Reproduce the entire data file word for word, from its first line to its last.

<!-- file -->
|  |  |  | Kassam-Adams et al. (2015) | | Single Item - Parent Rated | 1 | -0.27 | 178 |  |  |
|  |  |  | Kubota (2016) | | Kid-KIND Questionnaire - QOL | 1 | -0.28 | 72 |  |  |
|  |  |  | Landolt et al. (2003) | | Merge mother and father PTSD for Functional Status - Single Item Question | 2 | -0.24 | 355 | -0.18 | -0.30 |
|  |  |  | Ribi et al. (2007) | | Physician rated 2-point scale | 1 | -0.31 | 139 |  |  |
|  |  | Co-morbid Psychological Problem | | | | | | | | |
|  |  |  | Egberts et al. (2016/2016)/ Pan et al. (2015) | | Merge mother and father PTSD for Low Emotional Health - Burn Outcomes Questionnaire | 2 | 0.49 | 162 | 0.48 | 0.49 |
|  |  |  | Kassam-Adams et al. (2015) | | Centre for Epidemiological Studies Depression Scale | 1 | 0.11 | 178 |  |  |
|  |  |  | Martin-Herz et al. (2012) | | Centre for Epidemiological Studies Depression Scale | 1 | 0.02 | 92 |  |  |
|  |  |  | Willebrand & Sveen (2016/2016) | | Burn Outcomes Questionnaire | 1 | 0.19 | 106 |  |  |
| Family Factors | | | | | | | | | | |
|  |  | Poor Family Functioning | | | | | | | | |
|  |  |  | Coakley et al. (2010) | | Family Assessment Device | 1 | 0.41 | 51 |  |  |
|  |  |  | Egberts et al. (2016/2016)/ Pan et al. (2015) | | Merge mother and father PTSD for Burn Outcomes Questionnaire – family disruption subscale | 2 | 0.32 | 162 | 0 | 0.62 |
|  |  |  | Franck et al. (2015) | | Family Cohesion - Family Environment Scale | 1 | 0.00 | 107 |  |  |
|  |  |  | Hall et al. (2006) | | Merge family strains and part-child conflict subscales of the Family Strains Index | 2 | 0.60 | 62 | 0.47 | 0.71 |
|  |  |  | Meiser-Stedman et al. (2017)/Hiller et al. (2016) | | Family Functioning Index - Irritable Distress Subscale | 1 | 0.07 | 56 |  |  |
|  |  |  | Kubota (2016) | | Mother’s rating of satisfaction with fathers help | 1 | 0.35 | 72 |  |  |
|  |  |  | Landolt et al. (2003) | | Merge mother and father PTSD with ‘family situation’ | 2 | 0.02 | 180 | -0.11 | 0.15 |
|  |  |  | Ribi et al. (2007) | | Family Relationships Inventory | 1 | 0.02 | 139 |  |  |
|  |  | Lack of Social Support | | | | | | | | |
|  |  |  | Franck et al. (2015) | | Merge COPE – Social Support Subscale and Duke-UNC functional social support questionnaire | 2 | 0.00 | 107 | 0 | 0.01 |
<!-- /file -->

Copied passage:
|  |  |  | Kassam-Adams et al. (2015) | | Single Item - Parent Rated | 1 | -0.27 | 178 |  |  |
|  |  |  | Kubota (2016) | | Kid-KIND Questionnaire - QOL | 1 | -0.28 | 72 |  |  |
|  |  |  | Landolt et al. (2003) | | Merge mother and father PTSD for Functional Status - Single Item Question | 2 | -0.24 | 355 | -0.18 | -0.30 |
|  |  |  | Ribi et al. (2007) | | Physician rated 2-point scale | 1 | -0.31 | 139 |  |  |
|  |  | Co-morbid Psychological Problem | | | | | | | | |
|  |  |  | Egberts et al. (2016/2016)/ Pan et al. (2015) | | Merge mother and father PTSD for Low Emotional Health - Burn Outcomes Questionnaire | 2 | 0.49 | 162 | 0.48 | 0.49 |
|  |  |  | Kassam-Adams et al. (2015) | | Centre for Epidemiological Studies Depression Scale | 1 | 0.11 | 178 |  |  |
|  |  |  | Martin-Herz et al. (2012) | | Centre for Epidemiological Studies Depression Scale | 1 | 0.02 | 92 |  |  |
|  |  |  | Willebrand & Sveen (2016/2016) | | Burn Outcomes Questionnaire | 1 | 0.19 | 106 |  |  |
| Family Factors | | | | | | | | | | |
|  |  | Poor Family Functioning | | | | | | | | |
|  |  |  | Coakley et al. (2010) | | Family Assessment Device | 1 | 0.41 | 51 |  |  |
|  |  |  | Egberts et al. (2016/2016)/ Pan et al. (2015) | | Merge mother and father PTSD for Burn Outcomes Questionnaire – family disruption subscale | 2 | 0.32 | 162 | 0 | 0.62 |
|  |  |  | Franck et al. (2015) | | Family Cohesion - Family Environment Scale | 1 | 0.00 | 107 |  |  |
|  |  |  | Hall et al. (2006) | | Merge family strains and part-child conflict subscales of the Family Strains Index | 2 | 0.60 | 62 | 0.47 | 0.71 |
|  |  |  | Meiser-Stedman et al. (2017)/Hiller et al. (2016) | | Family Functioning Index - Irritable Distress Subscale | 1 | 0.07 | 56 |  |  |
|  |  |  | Kubota (2016) | | Mother’s rating of satisfaction with fathers help | 1 | 0.35 | 72 |  |  |
|  |  |  | Landolt et al. (2003) | | Merge mother and father PTSD with ‘family situation’ | 2 | 0.02 | 180 | -0.11 | 0.15 |
|  |  |  | Ribi et al. (2007) | | Family Relationships Inventory | 1 | 0.02 | 139 |  |  |
|  |  | Lack of Social Support | | | | | | | | |
|  |  |  | Franck et al. (2015) | | Merge COPE – Social Support Subscale and Duke-UNC functional social support questionnaire | 2 | 0.00 | 107 | 0 | 0.01 |